President’s Symposium, October 2018
Back to the Future: the Social Landscape of Devon
Whereas last year’s Symposium dealt with Devon’s physical landscape, this year’s Symposium focuses on the social landscape.
Is Devon’s society changing? If so, in what ways? New towns are being built, we have a rapidly increasing proportion of older citizens, and our communities are becoming more diverse.
Meanwhile there are major challenges, including inequality, climate change, people homeless or in debt, drug and alcohol problems, and loneliness.
How is Devon coping with these challenges, especially at a time of public sector cuts? How will the shrinking role of the state and increasing reliance on individuals, families and communities – reminiscent perhaps of times gone by – affect the way in which we face these challenges? How are we and civil society responding?
How can we ensure that Devon’s social landscape is fit for the 21st century?
Devon has a relatively stable, ethnically homogenous population, which is predicted to increase by 15% by 2033. A direct result of this will be a very large number of people over 60 years old, with a particularly striking increase in the number of over 85s. With one in three developing health problems, as well as challenges brought about by isolation and a loss of close social networks, one can no longer rely on the authorities alone to provide the necessary support; and this is especially acute in the face of increasing personal debt and public sector financial austerity and cuts. The answer must lie in developing an even stronger civil society, somewhat reminiscent of a bygone age but tailored to the social landscape of the 21st century.
The morning session consisted of four talks, starting with ‘An historical perspective’ by Jonathan Barry (Professor of Early Modern History, Exeter University) and an overview of ‘Devon’s people today’ by Dr Virginia Pearson (Director of Public Health, Devon County Council). These were followed by ‘Re-imagining the state’ by Simon Kitchen (Head of Strategy, Policy and Organisational Change, Devon County Council) and ‘Re-imagining civil society’ by Martha Wilkinson (Chief Executive, Devon Community Foundation).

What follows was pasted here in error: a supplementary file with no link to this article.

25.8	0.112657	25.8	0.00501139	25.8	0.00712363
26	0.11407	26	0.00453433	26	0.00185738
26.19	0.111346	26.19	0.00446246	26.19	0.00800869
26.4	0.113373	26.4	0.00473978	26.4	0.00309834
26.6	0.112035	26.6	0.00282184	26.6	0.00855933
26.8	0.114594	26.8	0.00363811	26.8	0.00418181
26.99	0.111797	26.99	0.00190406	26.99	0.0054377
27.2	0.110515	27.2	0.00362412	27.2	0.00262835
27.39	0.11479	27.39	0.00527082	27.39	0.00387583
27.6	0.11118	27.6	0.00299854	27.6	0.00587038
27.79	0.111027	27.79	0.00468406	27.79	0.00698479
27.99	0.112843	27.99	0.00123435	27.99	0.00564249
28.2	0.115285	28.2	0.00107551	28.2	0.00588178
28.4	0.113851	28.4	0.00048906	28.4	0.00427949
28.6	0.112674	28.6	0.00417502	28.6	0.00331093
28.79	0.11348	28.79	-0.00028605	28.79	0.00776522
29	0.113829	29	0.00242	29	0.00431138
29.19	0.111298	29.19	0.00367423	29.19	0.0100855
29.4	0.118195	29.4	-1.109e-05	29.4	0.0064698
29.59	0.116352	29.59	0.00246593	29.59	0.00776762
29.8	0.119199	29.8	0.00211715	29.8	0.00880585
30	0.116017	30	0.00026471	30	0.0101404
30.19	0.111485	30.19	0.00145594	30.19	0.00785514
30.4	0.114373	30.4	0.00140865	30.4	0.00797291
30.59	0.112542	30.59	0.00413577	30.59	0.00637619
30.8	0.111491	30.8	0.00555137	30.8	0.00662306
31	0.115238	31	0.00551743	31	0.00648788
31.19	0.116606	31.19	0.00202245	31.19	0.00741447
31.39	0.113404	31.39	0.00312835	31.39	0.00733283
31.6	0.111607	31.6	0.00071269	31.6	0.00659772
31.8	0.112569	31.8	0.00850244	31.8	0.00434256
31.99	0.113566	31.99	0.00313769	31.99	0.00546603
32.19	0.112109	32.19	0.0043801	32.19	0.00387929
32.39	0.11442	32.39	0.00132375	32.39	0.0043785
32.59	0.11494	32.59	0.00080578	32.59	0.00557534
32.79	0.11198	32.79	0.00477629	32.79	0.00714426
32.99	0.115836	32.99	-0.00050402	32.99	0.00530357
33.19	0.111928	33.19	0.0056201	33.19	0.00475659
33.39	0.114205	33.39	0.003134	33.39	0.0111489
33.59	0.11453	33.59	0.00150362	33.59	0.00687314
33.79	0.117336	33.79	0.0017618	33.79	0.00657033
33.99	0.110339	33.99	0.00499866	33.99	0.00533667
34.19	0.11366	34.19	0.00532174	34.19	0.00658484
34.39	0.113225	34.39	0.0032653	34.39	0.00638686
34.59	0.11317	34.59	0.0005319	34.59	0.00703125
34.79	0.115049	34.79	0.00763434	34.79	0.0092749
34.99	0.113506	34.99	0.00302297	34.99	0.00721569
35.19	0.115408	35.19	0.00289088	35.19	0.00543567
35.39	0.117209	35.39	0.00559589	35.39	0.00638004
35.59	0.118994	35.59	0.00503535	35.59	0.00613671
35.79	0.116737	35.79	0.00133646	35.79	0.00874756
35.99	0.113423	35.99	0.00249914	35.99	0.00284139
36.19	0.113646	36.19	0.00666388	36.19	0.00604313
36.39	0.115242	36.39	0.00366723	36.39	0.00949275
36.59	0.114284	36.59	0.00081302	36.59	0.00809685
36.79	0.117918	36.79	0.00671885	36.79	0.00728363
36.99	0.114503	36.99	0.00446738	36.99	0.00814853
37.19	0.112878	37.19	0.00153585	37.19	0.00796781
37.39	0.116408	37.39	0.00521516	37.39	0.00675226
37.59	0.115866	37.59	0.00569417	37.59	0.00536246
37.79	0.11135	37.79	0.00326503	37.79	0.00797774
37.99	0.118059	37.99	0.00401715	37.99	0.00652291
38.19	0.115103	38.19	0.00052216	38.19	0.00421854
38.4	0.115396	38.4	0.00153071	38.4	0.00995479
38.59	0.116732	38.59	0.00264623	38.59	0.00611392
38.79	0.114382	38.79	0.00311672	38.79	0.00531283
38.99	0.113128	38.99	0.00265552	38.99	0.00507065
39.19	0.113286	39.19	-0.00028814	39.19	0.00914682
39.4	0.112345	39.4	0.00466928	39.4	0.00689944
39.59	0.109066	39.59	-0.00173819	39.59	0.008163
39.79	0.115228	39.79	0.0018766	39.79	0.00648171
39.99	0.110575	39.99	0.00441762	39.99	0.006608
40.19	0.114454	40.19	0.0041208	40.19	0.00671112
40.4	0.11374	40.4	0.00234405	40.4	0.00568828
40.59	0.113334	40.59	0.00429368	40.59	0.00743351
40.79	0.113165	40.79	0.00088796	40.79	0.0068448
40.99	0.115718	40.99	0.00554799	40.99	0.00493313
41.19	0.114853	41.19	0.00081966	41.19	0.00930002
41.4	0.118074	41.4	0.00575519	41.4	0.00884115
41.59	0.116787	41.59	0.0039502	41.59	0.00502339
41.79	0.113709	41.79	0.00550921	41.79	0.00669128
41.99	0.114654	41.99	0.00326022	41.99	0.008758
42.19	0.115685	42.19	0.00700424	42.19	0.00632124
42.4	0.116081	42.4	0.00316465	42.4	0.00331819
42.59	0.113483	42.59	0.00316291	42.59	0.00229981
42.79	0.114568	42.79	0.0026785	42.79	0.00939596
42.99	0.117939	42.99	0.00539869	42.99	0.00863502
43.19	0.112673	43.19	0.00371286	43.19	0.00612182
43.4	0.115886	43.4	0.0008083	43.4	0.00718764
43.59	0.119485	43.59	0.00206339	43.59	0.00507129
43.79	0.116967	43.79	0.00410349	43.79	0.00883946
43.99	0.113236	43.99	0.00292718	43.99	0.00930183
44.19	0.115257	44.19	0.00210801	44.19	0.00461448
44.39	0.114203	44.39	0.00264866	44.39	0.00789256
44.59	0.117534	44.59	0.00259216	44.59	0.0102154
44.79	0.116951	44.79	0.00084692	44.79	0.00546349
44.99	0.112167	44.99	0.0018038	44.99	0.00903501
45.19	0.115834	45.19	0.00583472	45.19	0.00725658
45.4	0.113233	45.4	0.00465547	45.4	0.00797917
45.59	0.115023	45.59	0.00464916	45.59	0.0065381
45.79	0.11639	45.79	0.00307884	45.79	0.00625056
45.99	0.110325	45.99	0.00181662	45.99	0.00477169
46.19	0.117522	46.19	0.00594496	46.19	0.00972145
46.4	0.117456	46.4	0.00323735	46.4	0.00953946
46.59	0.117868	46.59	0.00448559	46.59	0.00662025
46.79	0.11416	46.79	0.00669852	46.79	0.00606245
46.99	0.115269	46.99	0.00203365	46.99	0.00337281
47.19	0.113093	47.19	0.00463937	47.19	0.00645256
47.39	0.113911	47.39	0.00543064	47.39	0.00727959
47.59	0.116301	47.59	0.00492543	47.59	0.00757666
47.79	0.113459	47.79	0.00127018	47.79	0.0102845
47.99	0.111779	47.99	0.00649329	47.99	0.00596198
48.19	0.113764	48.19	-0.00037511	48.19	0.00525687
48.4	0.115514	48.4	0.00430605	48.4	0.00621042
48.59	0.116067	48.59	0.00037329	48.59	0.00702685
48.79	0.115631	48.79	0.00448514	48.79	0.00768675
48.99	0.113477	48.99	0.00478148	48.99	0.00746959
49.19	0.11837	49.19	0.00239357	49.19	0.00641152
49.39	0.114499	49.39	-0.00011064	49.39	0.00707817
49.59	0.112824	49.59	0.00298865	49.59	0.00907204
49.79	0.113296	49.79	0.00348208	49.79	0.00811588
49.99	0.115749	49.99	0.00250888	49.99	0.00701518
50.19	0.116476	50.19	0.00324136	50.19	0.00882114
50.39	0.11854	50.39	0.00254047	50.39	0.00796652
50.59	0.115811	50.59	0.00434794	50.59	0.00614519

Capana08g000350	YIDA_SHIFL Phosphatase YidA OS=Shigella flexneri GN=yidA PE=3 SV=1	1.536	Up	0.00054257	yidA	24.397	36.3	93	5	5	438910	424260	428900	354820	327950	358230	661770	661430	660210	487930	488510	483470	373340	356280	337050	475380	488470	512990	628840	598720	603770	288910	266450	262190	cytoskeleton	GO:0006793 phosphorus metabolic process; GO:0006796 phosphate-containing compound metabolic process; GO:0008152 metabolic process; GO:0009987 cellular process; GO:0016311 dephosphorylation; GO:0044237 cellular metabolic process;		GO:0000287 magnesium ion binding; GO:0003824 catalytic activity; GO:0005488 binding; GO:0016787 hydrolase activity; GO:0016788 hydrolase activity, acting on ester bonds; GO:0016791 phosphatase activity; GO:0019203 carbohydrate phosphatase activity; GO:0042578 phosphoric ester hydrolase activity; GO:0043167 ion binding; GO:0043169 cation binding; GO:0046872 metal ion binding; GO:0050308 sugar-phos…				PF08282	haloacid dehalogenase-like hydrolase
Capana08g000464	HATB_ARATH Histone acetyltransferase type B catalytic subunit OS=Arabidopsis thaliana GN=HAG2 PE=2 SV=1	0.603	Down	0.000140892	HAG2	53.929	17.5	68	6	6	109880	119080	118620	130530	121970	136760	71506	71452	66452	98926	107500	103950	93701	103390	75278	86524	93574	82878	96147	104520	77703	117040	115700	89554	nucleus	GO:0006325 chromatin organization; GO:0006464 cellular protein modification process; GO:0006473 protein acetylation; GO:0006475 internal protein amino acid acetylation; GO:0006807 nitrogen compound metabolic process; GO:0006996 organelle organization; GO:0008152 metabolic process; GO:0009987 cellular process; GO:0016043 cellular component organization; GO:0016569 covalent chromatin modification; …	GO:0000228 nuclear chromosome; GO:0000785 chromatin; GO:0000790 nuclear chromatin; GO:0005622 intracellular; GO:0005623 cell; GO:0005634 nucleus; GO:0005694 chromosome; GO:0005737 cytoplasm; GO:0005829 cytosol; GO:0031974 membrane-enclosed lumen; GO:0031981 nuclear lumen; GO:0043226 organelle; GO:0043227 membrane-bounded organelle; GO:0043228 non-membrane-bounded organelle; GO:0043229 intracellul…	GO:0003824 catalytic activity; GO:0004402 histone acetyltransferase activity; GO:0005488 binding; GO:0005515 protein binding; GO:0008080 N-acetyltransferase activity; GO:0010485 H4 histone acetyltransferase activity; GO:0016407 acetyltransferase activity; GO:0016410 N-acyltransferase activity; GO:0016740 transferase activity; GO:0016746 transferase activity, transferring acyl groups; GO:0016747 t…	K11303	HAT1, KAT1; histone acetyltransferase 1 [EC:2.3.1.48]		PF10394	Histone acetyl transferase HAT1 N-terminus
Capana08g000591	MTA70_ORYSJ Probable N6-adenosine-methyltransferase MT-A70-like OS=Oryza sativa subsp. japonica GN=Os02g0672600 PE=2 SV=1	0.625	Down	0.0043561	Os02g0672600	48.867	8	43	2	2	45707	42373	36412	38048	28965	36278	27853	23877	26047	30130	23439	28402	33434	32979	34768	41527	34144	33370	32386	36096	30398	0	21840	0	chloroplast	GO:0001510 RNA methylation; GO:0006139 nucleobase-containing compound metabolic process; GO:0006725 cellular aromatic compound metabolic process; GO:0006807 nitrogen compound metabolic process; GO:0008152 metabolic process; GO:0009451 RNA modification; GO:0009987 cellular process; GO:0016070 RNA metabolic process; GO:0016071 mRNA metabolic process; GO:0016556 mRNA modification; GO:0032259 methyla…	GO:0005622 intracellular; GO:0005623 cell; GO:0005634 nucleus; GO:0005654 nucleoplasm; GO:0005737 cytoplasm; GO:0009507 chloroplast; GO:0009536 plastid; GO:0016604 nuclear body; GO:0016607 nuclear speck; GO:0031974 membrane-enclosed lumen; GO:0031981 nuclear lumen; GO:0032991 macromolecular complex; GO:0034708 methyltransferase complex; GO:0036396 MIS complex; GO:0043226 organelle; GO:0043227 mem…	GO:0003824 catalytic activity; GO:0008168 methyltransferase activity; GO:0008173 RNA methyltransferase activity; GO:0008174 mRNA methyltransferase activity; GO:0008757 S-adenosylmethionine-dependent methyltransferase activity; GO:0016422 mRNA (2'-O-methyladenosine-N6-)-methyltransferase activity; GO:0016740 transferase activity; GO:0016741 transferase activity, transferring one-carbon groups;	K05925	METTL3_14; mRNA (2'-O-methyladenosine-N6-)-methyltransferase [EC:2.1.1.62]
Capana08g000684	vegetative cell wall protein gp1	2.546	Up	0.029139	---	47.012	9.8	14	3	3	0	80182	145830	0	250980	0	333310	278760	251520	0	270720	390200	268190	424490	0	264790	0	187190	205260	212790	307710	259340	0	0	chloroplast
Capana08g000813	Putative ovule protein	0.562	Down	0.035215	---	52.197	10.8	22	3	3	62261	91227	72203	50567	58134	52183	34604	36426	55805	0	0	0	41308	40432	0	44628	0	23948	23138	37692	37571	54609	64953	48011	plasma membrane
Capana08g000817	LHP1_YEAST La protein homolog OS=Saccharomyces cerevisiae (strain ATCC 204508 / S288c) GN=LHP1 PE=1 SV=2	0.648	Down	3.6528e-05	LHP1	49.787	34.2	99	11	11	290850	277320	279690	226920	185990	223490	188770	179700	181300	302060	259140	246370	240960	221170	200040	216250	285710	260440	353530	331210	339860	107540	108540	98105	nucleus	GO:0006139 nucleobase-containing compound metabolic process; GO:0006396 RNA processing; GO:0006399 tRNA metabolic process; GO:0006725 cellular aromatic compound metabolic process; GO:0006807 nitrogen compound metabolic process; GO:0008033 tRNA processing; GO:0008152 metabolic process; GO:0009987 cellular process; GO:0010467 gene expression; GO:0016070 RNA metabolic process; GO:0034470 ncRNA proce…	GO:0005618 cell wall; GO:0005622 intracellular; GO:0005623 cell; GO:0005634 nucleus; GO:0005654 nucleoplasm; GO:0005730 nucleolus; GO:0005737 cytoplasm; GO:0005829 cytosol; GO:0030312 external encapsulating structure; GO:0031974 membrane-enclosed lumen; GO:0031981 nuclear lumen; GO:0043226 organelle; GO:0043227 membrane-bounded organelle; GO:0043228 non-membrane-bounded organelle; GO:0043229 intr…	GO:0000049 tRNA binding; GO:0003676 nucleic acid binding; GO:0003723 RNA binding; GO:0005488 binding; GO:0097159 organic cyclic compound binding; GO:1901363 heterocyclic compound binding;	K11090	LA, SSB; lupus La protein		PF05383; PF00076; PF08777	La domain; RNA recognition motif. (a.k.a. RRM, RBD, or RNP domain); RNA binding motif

After lunch, Dame Suzi chaired a lively panel debate entitled ‘Fit for the 21st century, a panel discussion on civill society – the state of local action/philanthropy’. The panel members were: Elaine Cooke (Devon Communities Together); Roger Mitchell (Plymouth Octopus Project); Martha Wilkinson (Devon Community Foundation); and Geoff Pringle (Hospiscare).
Both the morning and afternoon sessions were brought to a close by Christopher Southgate (Associate Professor of Theology, Exeter University) who recited some of his exquisite, spiritually powerful poetry.
as an antidote
to blind family anger.
I start the long slope of Hameldown
(the far ridge like a line
of scripture, forbidding self-love).
Wind against. A white film dusting
the kists. Deer-sprites
seem to haunt the valley-floors.
The sky is empty, wash-blue, as though
some controlled explosion
had cleared away its debris
leaving only light, and three thorn
as to sharpness. Suffering.
The snow’s striations are intricate,
melt-pools dissolve my eyes.
I find rest in hard ascent, my chaos
left printed in the white,
false summits disregarded.
As I stump down off the hill the snow
drifts after me, erasing
my working. I walk away empty –
begin again today, apparently,
but feel somehow foreknown,
like that new-etched scimitar of moon.
* Reprinted with permission from Christopher Southgate, Beyond the Bitter Wind, Poems 1982-2000 (Shoestring Press).
Everyone agreed that this was a noteworthy symposium in terms of its richness of content, thematic continuity, and presentation technique.
Photos courtesy of Antony T Buller.